How to Bust Those Ghostly Stains on Walls and Ceilings
Without warning, odd dark streaks called “ghosting” begin to appear on your walls or ceilings. Soon, the blemishes grow darker, forming along wall studs or ceiling rafters. Before long, a creepy outline of the building’s framing starts to appear on the sheetrock.
Ghosting is the slow buildup of air-borne dust, dirt, and soot particles on walls or ceilings. Also known as “ghost stains,” “bridging,” or “thermal tracking,” ghosting creates strange patterns along exterior walls and ceilings.
Three things generally cause ghosting to form:
- Air passing through the building envelope
- High indoor humidity
- Electrostatic attraction
Inadequate insulation, gaps in the insulation or exteriors, or the absence of a thermal break allows cold winter air to penetrate inside the wall. Condensation forms, attracting interior air particles to framing and sheetrock fasteners.
What causes the attraction?
When indoor air moves— especially through interior ventilation systems— it picks up an electrical charge. The positive and negative charges force the tiny air particles to clump together.
Condensation in the walls or ceilings attracts these particles to cold spots on studs and rafters in wood framing. Light-gauge steel studs and steel drywall fasteners have a high level of electrostatic conductivity, so they too attract air particulates.
Over time, these microscopic bits of dirt and soot gather, making visible stains on walls and ceilings.
Sources of Dirt Particles
Many things contribute to poor indoor air quality:
- Burning candles (especially scented ones) or incense
- Cooking oils which smoke over high heat
- Crusty welcome mats allowing dirt to be tracked inside
- Drafts around windows, doors, and vents
- Infrequent vacuuming or dirty vacuum filters
- Pet dander
- Poorly maintained furnaces with dirty filters
- Propane logs
- Soot from woodstoves, fireplaces, and firewood
- Unvented appliances like space heaters and clothes dryers
- Unvented cook stoves
Ghost Busting Remedies
Your first response may be to simply paint over the ghosting. Don’t do it! Unless you eliminate the problem, the ghosting will return.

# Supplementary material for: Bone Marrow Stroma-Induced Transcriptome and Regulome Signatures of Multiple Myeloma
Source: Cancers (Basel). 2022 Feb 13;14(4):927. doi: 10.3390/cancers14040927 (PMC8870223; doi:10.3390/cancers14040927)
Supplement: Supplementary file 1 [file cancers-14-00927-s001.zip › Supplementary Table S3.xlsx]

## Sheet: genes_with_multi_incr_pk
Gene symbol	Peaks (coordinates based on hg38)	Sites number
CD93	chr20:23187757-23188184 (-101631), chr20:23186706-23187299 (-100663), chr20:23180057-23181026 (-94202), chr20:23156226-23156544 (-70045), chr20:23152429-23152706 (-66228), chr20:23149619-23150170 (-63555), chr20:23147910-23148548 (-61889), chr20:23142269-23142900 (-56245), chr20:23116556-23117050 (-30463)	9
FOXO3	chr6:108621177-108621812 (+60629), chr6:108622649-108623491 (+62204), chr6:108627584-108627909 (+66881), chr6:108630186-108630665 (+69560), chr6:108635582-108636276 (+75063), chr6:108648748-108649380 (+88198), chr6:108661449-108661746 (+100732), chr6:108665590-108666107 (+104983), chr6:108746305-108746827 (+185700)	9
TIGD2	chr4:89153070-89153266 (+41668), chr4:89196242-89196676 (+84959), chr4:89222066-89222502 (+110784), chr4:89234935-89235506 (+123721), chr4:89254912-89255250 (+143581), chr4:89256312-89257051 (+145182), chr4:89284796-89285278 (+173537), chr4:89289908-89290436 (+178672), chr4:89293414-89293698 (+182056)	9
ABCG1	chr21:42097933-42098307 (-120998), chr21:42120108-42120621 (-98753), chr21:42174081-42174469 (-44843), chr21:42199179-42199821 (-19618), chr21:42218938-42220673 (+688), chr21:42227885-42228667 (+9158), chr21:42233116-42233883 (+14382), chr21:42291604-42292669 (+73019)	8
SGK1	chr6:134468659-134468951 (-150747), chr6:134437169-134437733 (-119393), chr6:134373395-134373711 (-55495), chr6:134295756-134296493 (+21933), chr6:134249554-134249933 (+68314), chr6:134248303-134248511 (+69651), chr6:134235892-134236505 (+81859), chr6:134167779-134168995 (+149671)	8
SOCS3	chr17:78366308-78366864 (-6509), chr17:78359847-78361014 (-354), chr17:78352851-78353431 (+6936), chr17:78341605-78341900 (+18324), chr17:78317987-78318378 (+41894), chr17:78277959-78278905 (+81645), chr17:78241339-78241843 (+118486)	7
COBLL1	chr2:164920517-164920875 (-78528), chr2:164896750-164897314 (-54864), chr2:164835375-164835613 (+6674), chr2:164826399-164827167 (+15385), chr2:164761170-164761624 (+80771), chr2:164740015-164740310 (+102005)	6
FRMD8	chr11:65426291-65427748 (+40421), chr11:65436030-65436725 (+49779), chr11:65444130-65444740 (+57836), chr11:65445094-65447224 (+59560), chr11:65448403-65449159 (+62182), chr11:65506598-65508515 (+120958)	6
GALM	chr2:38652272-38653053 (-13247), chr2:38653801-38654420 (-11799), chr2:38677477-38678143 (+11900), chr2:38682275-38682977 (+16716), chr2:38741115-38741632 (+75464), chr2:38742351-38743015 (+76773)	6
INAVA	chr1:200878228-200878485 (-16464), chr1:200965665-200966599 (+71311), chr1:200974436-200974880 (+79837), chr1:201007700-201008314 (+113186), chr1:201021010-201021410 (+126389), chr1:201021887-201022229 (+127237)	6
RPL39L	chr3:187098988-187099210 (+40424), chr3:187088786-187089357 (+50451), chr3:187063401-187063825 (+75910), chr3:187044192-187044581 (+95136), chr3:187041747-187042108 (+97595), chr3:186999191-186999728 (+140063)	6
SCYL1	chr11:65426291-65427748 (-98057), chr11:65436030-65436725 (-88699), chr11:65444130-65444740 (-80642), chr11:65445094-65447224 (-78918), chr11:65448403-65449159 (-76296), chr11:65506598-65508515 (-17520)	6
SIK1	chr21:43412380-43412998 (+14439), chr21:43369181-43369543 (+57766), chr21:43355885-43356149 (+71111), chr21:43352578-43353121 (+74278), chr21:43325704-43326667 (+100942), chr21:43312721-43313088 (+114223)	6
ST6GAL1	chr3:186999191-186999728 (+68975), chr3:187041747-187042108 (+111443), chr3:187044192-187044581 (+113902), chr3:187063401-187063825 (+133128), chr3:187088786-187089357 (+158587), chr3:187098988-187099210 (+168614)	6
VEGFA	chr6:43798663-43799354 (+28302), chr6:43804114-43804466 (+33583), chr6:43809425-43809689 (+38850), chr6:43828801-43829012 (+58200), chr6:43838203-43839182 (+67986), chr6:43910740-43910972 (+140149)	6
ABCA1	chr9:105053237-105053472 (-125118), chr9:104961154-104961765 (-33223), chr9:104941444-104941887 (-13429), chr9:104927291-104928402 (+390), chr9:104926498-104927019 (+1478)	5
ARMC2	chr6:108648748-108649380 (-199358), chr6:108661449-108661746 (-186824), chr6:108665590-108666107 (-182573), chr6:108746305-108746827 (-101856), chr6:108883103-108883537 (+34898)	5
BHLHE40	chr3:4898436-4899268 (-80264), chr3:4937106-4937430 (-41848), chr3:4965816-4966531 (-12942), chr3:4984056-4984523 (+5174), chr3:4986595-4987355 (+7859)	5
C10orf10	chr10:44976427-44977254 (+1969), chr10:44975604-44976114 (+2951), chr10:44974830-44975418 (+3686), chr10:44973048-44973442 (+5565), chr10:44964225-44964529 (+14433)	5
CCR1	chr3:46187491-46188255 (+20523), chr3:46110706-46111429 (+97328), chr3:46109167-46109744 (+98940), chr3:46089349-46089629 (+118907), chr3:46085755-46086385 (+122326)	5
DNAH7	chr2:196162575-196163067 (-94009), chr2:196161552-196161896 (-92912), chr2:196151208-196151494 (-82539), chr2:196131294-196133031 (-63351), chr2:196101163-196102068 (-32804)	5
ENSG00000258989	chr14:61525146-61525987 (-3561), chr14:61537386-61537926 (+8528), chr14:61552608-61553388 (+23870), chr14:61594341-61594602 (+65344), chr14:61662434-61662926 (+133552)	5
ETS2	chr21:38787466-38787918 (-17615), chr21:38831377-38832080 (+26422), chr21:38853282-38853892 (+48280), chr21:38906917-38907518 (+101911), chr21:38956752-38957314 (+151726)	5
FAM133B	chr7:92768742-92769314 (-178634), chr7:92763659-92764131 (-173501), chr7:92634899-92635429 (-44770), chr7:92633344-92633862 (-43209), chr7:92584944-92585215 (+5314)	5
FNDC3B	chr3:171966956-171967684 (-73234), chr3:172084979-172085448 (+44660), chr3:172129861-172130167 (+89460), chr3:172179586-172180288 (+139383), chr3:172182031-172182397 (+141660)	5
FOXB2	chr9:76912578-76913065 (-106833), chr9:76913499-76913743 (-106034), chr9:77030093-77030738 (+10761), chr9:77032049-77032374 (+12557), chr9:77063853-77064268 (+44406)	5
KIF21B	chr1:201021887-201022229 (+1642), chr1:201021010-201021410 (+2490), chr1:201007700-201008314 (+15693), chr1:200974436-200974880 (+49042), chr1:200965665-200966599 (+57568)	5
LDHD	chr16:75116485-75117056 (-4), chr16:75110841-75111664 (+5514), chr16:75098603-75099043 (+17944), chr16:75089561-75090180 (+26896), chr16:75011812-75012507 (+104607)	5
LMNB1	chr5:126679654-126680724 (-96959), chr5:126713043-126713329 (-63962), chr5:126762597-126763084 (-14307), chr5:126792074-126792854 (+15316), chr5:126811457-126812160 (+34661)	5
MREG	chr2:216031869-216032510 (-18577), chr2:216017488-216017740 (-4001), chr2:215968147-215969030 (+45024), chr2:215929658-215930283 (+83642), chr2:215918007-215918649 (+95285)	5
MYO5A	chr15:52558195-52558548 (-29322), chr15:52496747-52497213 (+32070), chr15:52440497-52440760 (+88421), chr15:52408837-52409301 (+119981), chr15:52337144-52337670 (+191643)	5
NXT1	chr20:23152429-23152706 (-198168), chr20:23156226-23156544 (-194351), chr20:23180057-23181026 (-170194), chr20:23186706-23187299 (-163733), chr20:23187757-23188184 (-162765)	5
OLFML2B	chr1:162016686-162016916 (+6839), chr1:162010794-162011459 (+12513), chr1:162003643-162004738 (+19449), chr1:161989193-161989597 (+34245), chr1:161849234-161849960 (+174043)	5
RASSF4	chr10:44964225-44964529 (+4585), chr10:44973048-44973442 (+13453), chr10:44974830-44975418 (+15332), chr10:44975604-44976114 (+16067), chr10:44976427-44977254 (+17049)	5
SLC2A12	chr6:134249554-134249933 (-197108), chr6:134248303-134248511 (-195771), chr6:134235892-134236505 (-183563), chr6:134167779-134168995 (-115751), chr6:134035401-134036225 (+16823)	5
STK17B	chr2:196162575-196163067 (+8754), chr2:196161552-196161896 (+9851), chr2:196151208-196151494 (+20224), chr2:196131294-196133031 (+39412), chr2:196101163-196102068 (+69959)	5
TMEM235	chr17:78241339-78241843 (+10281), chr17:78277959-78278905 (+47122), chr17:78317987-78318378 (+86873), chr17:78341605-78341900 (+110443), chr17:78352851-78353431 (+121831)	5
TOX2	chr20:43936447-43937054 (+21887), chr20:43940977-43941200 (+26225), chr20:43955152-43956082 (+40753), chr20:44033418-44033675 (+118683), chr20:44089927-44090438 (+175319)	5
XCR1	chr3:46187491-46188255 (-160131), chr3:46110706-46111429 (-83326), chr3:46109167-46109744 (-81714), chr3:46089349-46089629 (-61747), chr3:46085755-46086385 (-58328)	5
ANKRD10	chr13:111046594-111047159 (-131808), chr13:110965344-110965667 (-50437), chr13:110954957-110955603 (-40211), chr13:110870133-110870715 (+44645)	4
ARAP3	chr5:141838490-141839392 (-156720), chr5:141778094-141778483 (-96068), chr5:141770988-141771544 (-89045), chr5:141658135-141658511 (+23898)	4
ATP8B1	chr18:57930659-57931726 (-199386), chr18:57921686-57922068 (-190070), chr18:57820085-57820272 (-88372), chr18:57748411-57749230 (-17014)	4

Finding the channels of cold air and correcting the problem can be tricky— and expensive if condensation in the walls turns out to be the culprit.
Here are a few tips on how to remedy unsightly ghosting:
- Be sure gas or wood stoves are properly adjusted and vented.
- Keep the indoor relative humidity below 55% in the winter. (An inexpensive humidity gauge monitors the humidity level.)
- Replace furnace filters often.
- Seal around doors and windows to eliminate cold air drafts.
- Stop burning candles, incense, and wood-burning fireplaces
- Use bath fans to remove moist warm air outdoors.
- Use kitchen exhaust fans when cooking.
- Vent clothes dryers outdoors.
If all else fails, add insulation in the walls or ceilings where ghosting stains appear. If the building is light-gauge steel framing, try adding thermal break insulation, too.
When the problem has been resolved, clean the stained sheetrock thoroughly. Cover the ghosting marks with a stain-killing paint, and then repaint the area.
RHINO Ain’t Afraid of No Ghosting
RHINO Steel Building Systems has never received a single complaint about ghosting.
Here is why:
- RHINO’s strong commercial-grade steel framing system uses far fewer framing pieces, so there are fewer points of contact for thermal bridging.
- Our wide steel columns create deeper walls, allowing thicker insulation.
- The RHINO Pro-Value Insulation Package includes a second layer of insulation that acts as a thermal break between purlins and metal sheathing.
- RHINO’s hearty fabric vapor barrier reduces the chance of condensation forming in the walls.
- The Pro-Value Insulation Package includes hangers that keep the batt insulation in place.
Learn more about the benefits available in a RHINO steel building kit. Call us today at 940.383.9566 and speak to one of our metal building specialists for information about ghosting on walls and ceilings. Find out why so many people are hooked on RHINO steel buildings.